Anti-American rage that began this week over a video insult to Islam spread to nearly 20 countries across the Middle East and beyond on Friday, with violent and sometimes deadly protests that convulsed the birthplaces of the Arab Spring revolutions, breached two more United States Embassies and targeted diplomatic properties of Germany and Britain.
The broadening of the protests appeared to reflect a pent-up resentment of Western powers in general, and defied pleas for restraint from world leaders, including the new Islamist president of Egypt, Mohamed Morsi, whose country was the instigator of the demonstrations that erupted three days earlier on the anniversary of the Sept. 11, 2001, attacks.
The anger stretched from North Africa to South Asia and Indonesia and in some cases was surprisingly destructive. In Tunis, an American-run school that was untouched during the revolution nearly two years ago was completely ransacked. In eastern Afghanistan, protesters burned an effigy of President Obama, who had made an outreach to Muslims a thematic pillar of his first year in office.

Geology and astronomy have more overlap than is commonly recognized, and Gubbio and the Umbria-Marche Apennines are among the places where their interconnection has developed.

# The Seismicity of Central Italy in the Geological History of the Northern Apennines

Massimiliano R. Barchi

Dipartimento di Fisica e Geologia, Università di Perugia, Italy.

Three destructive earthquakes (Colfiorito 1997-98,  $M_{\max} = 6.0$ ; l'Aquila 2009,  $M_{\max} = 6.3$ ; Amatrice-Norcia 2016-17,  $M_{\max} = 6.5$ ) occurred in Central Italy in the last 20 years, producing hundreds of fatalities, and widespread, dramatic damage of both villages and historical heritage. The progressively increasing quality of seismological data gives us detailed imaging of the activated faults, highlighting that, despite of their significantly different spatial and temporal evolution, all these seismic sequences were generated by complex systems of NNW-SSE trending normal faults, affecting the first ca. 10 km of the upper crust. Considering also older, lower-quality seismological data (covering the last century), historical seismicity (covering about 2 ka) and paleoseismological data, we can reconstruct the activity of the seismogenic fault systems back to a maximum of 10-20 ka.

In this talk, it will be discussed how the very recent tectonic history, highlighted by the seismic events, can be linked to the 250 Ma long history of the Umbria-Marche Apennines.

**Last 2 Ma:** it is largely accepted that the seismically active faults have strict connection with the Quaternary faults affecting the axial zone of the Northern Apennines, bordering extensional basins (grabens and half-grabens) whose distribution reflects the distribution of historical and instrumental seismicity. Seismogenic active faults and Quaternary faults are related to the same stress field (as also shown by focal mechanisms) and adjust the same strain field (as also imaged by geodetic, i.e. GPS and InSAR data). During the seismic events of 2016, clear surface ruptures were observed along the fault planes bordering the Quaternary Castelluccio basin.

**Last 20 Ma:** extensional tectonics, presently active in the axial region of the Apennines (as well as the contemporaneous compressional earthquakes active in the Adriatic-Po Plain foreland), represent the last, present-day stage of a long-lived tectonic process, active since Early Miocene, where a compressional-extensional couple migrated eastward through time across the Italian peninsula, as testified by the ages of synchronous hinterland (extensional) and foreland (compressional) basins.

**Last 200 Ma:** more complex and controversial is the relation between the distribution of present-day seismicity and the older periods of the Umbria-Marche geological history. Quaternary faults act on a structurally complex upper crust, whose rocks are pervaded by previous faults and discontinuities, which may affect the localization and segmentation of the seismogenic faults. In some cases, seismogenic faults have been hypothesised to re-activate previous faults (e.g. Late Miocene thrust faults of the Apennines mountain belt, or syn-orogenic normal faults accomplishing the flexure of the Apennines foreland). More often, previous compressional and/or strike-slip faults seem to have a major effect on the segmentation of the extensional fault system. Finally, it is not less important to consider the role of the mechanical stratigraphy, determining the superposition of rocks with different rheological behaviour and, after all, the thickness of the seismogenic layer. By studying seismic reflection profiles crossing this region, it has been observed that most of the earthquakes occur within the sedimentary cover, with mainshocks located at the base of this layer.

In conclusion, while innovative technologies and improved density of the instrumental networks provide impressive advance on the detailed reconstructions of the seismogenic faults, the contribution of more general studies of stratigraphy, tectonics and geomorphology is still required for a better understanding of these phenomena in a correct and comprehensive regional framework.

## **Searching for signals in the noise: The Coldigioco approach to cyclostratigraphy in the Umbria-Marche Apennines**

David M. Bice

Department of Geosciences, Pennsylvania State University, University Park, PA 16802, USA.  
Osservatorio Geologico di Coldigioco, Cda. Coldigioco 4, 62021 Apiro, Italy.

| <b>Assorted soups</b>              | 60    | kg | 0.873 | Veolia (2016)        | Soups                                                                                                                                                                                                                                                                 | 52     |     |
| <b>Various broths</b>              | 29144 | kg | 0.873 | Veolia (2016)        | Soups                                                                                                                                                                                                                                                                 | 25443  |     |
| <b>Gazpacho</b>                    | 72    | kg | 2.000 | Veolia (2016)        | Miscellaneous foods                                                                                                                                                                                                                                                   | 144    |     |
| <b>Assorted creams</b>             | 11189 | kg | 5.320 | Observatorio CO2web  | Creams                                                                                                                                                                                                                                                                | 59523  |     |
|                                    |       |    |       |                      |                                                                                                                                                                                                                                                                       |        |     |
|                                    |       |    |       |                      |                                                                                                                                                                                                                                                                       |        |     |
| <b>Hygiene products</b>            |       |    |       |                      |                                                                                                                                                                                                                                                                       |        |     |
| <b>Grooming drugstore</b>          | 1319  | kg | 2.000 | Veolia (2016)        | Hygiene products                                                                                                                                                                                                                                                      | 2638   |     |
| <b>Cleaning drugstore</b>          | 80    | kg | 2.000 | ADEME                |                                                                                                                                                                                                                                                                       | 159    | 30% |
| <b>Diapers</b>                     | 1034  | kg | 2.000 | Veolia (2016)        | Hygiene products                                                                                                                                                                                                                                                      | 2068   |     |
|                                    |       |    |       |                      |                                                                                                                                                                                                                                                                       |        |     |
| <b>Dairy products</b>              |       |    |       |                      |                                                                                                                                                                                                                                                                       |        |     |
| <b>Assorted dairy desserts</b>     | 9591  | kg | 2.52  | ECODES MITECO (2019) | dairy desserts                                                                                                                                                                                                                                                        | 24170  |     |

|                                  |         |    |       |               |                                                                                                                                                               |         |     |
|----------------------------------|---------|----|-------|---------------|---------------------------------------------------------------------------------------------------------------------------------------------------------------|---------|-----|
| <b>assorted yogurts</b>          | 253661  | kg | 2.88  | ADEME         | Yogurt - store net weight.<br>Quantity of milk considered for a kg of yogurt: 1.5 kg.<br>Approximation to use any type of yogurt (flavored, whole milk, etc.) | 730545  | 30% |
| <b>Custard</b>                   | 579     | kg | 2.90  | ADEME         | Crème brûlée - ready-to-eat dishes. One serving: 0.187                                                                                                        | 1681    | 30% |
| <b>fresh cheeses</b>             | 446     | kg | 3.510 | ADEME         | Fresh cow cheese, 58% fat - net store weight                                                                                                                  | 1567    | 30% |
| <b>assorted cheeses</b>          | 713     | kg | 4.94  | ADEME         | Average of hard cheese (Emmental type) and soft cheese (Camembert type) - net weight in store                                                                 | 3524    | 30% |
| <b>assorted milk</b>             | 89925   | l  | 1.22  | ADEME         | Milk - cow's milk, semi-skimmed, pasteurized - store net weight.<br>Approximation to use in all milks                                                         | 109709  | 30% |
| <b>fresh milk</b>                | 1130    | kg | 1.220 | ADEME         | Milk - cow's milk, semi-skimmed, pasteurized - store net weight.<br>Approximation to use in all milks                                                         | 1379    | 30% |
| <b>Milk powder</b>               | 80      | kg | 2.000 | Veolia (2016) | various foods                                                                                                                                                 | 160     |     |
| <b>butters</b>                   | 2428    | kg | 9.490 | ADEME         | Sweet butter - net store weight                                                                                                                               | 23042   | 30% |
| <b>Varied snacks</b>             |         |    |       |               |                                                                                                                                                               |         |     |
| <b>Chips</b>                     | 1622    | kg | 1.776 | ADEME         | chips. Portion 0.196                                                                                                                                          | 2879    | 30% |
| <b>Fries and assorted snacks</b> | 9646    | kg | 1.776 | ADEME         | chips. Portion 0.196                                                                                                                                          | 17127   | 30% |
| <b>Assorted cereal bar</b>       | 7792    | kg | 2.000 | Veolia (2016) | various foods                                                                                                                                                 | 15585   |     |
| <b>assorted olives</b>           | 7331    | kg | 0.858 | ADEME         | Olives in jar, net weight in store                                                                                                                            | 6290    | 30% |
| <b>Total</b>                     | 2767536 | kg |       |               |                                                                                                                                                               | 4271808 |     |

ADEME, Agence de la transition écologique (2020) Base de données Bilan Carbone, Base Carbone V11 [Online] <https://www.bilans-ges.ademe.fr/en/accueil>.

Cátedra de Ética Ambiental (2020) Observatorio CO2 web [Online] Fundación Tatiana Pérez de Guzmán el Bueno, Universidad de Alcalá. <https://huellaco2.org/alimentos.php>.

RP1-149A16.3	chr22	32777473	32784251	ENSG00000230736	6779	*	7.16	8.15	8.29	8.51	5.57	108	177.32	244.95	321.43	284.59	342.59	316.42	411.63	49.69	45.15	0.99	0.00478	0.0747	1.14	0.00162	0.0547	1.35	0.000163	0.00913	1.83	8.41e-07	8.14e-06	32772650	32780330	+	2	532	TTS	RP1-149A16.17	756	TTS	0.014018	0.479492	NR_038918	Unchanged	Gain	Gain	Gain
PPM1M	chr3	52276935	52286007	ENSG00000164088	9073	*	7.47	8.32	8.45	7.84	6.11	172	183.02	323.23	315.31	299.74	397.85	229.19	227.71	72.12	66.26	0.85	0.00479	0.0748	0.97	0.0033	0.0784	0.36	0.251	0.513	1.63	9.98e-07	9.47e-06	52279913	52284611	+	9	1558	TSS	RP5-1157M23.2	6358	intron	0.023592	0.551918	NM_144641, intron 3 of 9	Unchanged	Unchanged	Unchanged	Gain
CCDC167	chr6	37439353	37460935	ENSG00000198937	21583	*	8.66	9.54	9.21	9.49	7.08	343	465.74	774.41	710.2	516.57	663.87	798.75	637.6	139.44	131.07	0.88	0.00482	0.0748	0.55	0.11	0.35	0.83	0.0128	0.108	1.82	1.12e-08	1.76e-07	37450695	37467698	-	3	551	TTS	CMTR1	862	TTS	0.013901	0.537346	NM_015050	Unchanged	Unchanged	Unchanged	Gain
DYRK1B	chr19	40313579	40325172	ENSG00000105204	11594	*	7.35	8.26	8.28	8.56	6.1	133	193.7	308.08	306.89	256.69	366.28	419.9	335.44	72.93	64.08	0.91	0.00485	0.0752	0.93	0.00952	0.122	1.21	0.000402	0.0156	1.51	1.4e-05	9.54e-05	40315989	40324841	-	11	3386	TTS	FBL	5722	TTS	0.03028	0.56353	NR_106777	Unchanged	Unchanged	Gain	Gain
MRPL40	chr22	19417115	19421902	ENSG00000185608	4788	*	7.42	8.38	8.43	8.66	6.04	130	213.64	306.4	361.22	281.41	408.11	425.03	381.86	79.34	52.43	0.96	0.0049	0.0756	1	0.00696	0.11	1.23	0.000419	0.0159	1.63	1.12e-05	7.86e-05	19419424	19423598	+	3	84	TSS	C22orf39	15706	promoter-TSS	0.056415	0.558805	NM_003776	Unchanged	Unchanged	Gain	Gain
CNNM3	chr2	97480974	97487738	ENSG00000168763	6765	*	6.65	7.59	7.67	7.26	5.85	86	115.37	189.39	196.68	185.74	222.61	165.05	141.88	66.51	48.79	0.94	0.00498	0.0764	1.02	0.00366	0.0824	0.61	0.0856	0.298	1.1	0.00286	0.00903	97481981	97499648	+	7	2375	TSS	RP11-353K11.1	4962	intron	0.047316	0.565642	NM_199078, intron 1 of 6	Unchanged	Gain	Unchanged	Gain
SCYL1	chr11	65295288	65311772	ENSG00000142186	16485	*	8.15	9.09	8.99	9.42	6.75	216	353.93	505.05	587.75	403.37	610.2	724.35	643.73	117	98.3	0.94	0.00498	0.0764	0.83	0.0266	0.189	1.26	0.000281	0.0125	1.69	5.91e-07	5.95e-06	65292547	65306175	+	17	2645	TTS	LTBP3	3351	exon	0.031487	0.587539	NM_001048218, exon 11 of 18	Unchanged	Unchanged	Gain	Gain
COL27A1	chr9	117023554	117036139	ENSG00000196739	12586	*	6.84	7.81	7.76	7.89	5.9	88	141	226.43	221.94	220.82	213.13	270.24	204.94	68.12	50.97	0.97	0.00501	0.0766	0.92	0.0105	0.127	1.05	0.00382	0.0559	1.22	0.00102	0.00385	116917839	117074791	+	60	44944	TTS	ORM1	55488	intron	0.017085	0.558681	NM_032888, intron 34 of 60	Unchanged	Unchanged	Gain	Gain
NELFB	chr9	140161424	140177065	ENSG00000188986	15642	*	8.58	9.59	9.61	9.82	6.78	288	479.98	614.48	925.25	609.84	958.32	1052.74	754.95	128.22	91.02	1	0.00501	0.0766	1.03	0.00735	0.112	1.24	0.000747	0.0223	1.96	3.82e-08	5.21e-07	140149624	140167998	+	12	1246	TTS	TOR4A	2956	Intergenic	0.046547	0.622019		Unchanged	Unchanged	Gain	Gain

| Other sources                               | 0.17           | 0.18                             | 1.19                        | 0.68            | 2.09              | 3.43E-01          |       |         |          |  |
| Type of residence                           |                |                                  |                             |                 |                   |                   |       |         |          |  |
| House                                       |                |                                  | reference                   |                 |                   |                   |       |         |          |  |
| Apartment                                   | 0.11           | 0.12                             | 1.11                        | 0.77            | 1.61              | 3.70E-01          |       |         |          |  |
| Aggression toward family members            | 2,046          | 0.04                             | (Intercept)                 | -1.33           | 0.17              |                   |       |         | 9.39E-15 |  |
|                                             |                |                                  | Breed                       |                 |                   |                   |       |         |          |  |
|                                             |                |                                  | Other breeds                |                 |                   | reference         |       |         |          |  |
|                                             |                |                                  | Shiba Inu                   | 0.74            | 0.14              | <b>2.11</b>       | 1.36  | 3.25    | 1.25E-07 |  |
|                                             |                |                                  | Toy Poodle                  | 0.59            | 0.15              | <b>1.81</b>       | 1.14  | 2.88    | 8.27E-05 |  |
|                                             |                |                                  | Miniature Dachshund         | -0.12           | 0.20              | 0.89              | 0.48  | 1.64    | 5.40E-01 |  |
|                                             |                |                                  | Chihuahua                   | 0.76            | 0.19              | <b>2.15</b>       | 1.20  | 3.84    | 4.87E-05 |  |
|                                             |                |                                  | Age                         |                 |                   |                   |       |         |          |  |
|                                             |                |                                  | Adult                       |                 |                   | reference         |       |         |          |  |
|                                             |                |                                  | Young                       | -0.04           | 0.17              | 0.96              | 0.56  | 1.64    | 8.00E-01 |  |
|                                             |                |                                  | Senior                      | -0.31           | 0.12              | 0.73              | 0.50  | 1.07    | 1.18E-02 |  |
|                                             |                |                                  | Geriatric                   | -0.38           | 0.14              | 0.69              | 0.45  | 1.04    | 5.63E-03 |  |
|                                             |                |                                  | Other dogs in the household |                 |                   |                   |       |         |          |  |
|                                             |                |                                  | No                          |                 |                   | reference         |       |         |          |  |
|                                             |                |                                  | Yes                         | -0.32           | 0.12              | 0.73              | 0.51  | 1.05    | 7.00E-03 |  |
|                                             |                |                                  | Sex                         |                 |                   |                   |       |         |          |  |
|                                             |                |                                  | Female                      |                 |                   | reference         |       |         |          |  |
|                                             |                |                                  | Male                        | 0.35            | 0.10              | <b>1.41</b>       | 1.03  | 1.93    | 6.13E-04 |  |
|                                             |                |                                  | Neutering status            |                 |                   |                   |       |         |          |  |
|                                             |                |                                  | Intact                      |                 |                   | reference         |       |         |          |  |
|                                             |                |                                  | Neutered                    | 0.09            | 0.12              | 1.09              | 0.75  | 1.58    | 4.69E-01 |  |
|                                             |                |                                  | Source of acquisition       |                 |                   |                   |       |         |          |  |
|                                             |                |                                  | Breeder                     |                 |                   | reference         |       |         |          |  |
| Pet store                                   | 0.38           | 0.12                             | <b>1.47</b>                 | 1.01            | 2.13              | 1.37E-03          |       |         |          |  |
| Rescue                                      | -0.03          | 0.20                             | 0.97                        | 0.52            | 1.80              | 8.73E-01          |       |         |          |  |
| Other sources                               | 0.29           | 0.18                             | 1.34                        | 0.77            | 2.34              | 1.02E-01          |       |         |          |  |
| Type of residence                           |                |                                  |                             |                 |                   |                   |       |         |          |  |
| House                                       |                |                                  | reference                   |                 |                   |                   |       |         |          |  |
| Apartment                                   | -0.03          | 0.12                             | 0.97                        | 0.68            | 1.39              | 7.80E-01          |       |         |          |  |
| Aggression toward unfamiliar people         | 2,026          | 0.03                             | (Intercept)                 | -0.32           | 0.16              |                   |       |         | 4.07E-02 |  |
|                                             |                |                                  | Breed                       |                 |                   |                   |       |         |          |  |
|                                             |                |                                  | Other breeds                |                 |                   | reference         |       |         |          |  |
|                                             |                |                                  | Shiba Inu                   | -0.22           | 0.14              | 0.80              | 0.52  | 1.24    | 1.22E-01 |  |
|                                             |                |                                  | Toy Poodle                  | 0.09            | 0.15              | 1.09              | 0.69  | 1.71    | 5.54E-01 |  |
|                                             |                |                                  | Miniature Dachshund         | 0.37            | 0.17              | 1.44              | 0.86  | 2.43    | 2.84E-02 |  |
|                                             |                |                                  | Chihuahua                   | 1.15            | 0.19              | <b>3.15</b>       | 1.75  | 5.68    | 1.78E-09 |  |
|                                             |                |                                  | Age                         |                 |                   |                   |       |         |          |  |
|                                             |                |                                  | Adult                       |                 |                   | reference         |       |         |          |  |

The State Department confirmed that protesters had penetrated the perimeters of the American Embassies in the Tunisian and Sudanese capitals, and said that 65 embassies or consulates around the world had issued emergency messages about threats of violence, and that those facilities in Islamic countries were curtailing diplomatic activity. The Pentagon said it sent Marines to protect embassies in Yemen and Sudan.
The wave of unrest not only increased concern in the West but raised new questions about political instability in Egypt, Tunisia and other Middle East countries where newfound freedoms, once suppressed by autocratic leaders, have given way to an absence of authority. The protests also seemed to highlight the unintended consequences of America’s support of movements to overthrow those autocrats, which have empowered Islamist groups that remain implacably hostile to the West.
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